Rising Interest Rates
Interest Rates Have Finally Started to Go Up
How could 98% of economists be so wrong?
In a Wall Street Journal survey conducted in May 2013, 98% of economists predicted that the yield of the 10-year Treasury note would be higher in December 2013.
This sounds like a sure thing, except when you consider that in May 2011, 98% of economists forecasted that interest rates were going to increase. Rates fell. In May 2012, 98% said rates would rise. They fell again.
The Wall Street Journal recently reported that those who acted on this sure thing (betting that rates would go up) would have lost about 8% of their money between May 2012 and May 2013. How could one lose $80,000 investing $1,000,000 on a strategy that 98% of economists recommend? It is all in the math that drives bond returns.
Crunching the Numbers
The rule of thumb is that if interest rates increase 1 percentage point, the percent decline of a bond will equal the bond’s “duration” in years. Conversely, when interest rates decline the value of a bond will increase by the “duration” Those who have owned bonds or bond funds over the past few years have certainly enjoyed the increase in value of their portfolio.
Most mutual funds publish the fund’s duration in years. The higher the duration the more sensitivity a mutual fund will have to changes in interest rates.
A Simple Example
Let’s say you own a bond with a 3% coupon interest rate with duration of 5 years. A 1% rise of interest rates would lead to a loss in market value of 5%. You would still receive your 3% coupon, so your net loss would be reduced to 2% for the year. The good news is that you will be able to earn a higher coupon rate once the bond matures. And the bond matures at its full face value.
Should I Sell My Bond Positions if I Am Convinced Interest Rates Are Moving Higher?
Meridian has consistently advised our clients to hold an all-weather, well-diversified portfolio in lieu of attempting to time the market.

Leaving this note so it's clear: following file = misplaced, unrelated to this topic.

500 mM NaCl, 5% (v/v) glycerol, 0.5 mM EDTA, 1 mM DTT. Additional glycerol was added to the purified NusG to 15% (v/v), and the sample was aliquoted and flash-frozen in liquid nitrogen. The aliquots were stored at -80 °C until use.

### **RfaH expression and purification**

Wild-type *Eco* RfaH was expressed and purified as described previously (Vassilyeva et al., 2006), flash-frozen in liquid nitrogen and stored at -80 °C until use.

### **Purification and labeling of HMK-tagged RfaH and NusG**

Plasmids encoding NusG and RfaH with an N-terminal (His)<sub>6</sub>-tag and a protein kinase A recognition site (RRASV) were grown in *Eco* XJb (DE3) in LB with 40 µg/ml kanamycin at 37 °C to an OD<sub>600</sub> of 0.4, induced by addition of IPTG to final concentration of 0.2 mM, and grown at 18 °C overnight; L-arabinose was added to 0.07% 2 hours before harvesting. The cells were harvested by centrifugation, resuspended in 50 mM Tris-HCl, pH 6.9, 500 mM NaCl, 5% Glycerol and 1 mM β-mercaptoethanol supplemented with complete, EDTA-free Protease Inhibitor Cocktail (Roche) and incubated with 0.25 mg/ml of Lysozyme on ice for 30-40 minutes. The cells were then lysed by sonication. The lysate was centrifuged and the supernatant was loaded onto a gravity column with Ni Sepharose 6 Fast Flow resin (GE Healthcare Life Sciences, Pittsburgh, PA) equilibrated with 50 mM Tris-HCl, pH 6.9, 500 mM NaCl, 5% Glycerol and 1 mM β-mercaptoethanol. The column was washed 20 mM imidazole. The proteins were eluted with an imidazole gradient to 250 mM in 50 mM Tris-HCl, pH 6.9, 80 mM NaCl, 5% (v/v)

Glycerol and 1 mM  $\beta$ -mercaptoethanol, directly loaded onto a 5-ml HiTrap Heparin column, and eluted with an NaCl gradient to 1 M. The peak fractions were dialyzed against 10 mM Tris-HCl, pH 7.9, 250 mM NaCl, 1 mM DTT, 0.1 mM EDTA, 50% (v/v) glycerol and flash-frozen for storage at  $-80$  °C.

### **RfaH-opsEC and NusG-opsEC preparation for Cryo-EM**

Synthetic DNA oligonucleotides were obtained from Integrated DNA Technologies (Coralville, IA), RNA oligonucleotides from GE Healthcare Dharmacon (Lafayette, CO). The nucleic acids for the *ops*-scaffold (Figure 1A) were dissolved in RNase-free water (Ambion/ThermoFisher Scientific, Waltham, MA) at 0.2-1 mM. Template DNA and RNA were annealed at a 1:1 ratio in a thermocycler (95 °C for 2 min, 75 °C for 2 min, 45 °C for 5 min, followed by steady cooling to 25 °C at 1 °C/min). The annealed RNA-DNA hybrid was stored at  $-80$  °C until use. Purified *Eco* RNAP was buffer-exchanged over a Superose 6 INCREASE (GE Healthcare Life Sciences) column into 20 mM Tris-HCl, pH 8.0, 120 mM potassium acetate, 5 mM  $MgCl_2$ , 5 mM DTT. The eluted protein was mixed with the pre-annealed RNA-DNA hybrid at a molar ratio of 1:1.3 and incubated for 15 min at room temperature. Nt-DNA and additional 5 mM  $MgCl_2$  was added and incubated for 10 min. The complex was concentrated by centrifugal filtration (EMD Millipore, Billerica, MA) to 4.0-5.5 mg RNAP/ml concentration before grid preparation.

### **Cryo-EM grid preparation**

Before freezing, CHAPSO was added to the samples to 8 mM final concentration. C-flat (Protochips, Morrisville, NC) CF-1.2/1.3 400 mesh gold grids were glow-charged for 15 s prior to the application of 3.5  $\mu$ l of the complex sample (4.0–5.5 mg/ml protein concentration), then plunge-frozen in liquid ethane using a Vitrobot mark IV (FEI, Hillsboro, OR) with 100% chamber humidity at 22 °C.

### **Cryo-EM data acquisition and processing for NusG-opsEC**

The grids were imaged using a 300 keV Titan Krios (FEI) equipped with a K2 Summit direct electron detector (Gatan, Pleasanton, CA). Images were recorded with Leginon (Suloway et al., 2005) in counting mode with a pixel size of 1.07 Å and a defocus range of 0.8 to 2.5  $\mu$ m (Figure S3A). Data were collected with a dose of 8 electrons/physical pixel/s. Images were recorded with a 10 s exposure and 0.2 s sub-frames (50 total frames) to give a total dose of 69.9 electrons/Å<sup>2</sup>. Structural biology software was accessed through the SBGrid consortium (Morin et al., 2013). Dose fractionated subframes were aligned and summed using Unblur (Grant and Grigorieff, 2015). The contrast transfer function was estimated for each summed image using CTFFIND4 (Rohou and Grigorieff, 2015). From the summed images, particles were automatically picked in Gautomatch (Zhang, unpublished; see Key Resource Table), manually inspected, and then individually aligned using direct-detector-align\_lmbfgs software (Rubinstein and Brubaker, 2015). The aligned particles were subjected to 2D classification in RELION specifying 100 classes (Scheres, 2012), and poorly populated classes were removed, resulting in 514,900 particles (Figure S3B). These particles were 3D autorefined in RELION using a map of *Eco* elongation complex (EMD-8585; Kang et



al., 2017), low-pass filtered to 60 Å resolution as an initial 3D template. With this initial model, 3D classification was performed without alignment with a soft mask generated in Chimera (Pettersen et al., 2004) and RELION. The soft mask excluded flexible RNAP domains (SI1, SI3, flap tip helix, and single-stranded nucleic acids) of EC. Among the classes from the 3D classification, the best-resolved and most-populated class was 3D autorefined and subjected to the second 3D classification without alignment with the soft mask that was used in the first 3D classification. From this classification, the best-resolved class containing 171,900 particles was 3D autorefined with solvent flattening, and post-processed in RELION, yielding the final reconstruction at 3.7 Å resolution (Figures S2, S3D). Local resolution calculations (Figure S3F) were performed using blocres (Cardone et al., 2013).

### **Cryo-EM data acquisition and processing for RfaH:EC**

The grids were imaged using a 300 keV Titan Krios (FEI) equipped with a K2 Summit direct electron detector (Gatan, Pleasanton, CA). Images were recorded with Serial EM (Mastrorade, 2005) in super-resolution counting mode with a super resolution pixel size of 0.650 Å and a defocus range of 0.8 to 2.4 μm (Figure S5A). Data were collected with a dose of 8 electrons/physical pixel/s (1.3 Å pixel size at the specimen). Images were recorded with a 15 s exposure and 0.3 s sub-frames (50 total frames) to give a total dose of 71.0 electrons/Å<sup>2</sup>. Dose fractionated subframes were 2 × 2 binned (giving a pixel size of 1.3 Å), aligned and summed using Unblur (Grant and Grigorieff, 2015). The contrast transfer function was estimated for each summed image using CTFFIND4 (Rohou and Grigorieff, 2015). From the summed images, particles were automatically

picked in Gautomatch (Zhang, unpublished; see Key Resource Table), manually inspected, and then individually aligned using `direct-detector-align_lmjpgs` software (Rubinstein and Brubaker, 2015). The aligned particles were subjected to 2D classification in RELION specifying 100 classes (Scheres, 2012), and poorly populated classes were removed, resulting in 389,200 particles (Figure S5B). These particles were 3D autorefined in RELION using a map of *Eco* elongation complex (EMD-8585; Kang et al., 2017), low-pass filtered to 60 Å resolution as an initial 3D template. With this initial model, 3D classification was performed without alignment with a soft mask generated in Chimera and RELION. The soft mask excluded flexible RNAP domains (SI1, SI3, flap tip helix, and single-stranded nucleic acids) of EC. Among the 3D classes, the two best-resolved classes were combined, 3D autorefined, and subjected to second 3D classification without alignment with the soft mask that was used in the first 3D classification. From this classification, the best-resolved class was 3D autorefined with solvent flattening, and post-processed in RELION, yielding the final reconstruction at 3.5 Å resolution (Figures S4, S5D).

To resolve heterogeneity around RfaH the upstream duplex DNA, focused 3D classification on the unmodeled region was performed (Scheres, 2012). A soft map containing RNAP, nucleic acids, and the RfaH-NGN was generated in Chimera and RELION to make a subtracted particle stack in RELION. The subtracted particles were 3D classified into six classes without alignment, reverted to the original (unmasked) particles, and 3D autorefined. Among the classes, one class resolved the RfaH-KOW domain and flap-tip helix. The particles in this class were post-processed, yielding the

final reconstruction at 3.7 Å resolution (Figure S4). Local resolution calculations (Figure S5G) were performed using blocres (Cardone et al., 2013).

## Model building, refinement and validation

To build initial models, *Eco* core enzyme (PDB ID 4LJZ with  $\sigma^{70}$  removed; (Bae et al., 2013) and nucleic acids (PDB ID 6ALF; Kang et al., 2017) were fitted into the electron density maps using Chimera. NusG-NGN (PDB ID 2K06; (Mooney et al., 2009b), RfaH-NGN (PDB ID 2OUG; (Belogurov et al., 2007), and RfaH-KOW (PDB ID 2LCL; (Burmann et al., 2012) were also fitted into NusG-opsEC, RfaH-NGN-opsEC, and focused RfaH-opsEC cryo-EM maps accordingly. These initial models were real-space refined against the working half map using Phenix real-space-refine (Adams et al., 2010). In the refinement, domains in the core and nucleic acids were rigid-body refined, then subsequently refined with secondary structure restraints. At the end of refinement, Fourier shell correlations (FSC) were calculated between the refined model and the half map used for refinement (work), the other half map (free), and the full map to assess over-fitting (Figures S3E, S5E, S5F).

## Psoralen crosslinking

Those who attempt to make calls on the forward returns of stocks versus bonds are going to have to get a lot of things right:
When to exit and then re-enter a market.
How will each asset class move relative (and to what degree) to the other.
Can you filter out the talking heads and not react to headlines that can be harmful to your portfolio?
Are you able to recognize that “experts” (like the 98% of economists cited above) can be wrong for years at a time?
What About Owning Bonds Vs. Owning Bond Mutual Funds?
Although the price of the bond mutual fund will fall when interest rates rise, you will be paid a market rate of interest from that point forward. When you own an individual bond, you will not take a loss at maturity, but you receive lower interest until the bond matures. We think that the end result is exactly the same over any meaningful time frame…it is simply that you are ripping the bandage off quickly with a bond fund. You are realizing the pain slowly when you own an individual bond.
Why Should I Continue to Own Bonds?
Some own bonds primarily to mitigate the volatility inherent in stocks. Some own bonds to provide a stream of income to pay expenses. Still others own bonds simply to preserve capital.
All of the above reasons are valid regardless of the bond coupon rate. Understanding why you own bonds will provide you with the proper perspective.
In the end, we believe that you are likely best served by maintaining a strategic allocation to a diversified mix of bonds. This will protect you when the next crisis occurs. Bonds in this context act as a diversifier for the riskier assets in your portfolio.
Understanding why you own bonds is one key. Diversifying your account is the other piece of the puzzle.
Call us if you need assistance with either.